So, he covered the G8 protest and during the course of the G8 protest, two things happened. One is that—and the main protesters were identified with a, small a, anarchist group. Two things happened over the course of this protest: one is that a San Francisco police officer was assaulted and the second thing is that a San Francisco police car drove—there was a large piece of, I believe it was a piece of foam, and was being used as a sign. It was dropped to the ground and it was lit on fire, we’re not quite clear. It was on fire and the car sort of drove on top of it, sort of got stuck on it. There was a possibility the car was going to catch on fire, which it did not do that.

Anyway, Josh recorded a video of it, he posted it. He posted an edited version of the video on his website and also to indie bay (??) and then it was picked up by at least two local news programs, rebroadcast the video on their news programs.

This brought it to the attention to the FBI, which was investigating this incident and the FBI found him and when to his house and told him they wanted to see all of the video he had shot. He declined. He got himself some lawyers and ended up in a process where he went before a judge and tell the judge the FBI was issuing him a subpoena to appear in front of a grand jury and to produce his video and answer questions in front of a grand jury. He declined and was ultimately held in contempt of court, which sent him to jail.

He appealed that contempt order to the U.S. Court of Appeals for the Ninth Circuit and the Ninth Circuit denied that appeal and he was sent back to jail. He’d actually been let out while the appeal was pending and then he stayed in jail.

Again it was a total of 226 days. His lawyers tried to get him out. There were certain procedural devices to try and get him out and ultimately we were able to negotiate his release and I can talk more about that.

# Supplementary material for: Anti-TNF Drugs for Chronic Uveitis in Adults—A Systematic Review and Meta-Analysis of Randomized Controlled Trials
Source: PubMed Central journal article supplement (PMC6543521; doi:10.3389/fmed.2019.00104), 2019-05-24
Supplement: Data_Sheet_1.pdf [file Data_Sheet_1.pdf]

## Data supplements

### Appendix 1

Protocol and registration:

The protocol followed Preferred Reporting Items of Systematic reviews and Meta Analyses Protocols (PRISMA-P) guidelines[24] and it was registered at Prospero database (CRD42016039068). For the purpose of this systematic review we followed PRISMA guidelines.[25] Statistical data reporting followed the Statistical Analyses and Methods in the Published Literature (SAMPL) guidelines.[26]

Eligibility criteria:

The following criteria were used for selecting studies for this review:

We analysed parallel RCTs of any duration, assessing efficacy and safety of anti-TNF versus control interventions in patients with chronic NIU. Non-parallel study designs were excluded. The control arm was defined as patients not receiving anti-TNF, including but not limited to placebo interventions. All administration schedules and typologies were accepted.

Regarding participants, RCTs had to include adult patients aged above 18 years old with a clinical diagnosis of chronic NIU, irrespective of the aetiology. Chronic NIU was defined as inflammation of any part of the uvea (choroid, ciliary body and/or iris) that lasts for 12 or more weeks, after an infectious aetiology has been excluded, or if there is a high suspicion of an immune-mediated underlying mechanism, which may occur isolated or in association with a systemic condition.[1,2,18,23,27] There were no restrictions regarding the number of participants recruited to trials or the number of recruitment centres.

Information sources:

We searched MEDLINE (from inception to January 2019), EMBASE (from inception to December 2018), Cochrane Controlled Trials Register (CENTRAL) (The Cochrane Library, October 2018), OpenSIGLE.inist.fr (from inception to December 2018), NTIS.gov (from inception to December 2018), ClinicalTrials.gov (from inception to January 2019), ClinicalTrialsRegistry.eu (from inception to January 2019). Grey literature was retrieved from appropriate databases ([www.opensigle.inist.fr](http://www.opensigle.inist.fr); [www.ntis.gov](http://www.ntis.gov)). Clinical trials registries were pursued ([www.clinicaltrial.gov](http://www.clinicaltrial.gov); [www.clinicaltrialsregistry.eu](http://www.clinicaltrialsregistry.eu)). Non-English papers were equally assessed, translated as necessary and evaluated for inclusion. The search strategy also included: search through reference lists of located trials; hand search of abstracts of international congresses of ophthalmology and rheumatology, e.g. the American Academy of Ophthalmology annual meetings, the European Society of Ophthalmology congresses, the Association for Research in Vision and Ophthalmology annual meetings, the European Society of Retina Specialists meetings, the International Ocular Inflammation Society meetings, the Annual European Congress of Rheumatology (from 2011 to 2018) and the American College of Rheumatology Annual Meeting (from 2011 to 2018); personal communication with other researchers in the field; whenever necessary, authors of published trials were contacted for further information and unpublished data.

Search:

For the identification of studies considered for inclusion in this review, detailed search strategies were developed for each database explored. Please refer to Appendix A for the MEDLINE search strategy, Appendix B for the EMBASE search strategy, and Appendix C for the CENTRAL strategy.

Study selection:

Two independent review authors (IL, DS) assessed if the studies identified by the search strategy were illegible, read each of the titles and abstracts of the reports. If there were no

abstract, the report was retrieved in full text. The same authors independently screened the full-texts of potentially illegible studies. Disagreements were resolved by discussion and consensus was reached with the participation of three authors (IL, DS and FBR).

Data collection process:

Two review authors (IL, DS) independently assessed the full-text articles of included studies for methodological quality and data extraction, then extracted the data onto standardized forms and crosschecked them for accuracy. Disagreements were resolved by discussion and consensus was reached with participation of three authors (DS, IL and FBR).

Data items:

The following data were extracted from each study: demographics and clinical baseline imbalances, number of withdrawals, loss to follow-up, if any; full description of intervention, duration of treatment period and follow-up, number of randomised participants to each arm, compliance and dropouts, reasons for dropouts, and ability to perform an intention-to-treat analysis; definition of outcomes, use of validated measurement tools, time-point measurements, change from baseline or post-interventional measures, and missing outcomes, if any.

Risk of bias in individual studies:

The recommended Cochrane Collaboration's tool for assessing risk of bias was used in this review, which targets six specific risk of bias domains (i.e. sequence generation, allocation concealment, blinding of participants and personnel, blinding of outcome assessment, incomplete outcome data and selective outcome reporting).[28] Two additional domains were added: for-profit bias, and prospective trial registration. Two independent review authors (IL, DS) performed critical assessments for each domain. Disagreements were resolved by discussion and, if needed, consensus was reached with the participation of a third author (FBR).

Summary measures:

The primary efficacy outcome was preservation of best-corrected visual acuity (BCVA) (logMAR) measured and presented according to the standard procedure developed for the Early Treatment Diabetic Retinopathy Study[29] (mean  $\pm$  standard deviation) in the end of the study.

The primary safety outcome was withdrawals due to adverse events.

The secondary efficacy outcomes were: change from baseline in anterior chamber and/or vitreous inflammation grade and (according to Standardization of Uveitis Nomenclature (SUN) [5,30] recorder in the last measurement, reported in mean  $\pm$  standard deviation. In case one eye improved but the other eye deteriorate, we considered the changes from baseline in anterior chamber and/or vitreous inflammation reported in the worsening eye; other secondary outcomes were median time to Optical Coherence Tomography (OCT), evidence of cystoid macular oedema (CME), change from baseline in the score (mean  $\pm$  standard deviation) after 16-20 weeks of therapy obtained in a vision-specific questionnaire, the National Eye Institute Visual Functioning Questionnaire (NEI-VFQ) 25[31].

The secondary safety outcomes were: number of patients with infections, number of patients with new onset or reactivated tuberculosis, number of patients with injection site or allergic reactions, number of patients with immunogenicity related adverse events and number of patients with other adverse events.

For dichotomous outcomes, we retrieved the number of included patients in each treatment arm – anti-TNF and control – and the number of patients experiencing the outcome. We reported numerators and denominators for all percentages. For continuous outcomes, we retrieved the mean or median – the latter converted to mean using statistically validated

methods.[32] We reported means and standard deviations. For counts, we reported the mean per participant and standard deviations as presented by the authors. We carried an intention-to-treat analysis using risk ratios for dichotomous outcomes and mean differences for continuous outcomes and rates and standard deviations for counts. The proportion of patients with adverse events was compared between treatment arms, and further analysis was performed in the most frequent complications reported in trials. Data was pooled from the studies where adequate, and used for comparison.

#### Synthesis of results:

Frank LoMonte: Well, California has an excellent reporters privilege for cases that are brought in state court and in fact there is a precedent for unpaid college journalists being able to invoke the protection of the shield, but obviously that was no help in this case. Why not?

David Greene: That’s true, right. The investigation was being conducted by the FBI, by the federal law enforcement and the subpoena that they issued was a federal court subpoena. So, something that a federal judge would enforce and there is no federal shield law and the federal constitutional protections, the constitutional protections that federal courts recognize that do exist offer very weak if any protection against grand jury subpoenas.

So, had he been subpoenaed either in state court, California has a very strong shield law, which would have protected him or would likely would have protected him, or if he’d been subpoenaed in a different kind of federal court proceeding, he would have much stronger legal protection.

Frank LoMonte: So, ultimately you were able to negotiate a resolution to get him out of jail after 226 days. How did that come about? What was the conclusion?

David Greene: Well what we did was we had—I should say I joined his legal team after he’d been release from jail the first time and was appealing this to the Ninth Circuit. My First Amendment Project was brought on to the legal team just to assist his existing lawyers primary because his lawyers had vacations scheduled, which they had kept on putting off and couldn’t do that anymore. That coincided with some of the briefings scheduled. So, that’s the point that I became involved in.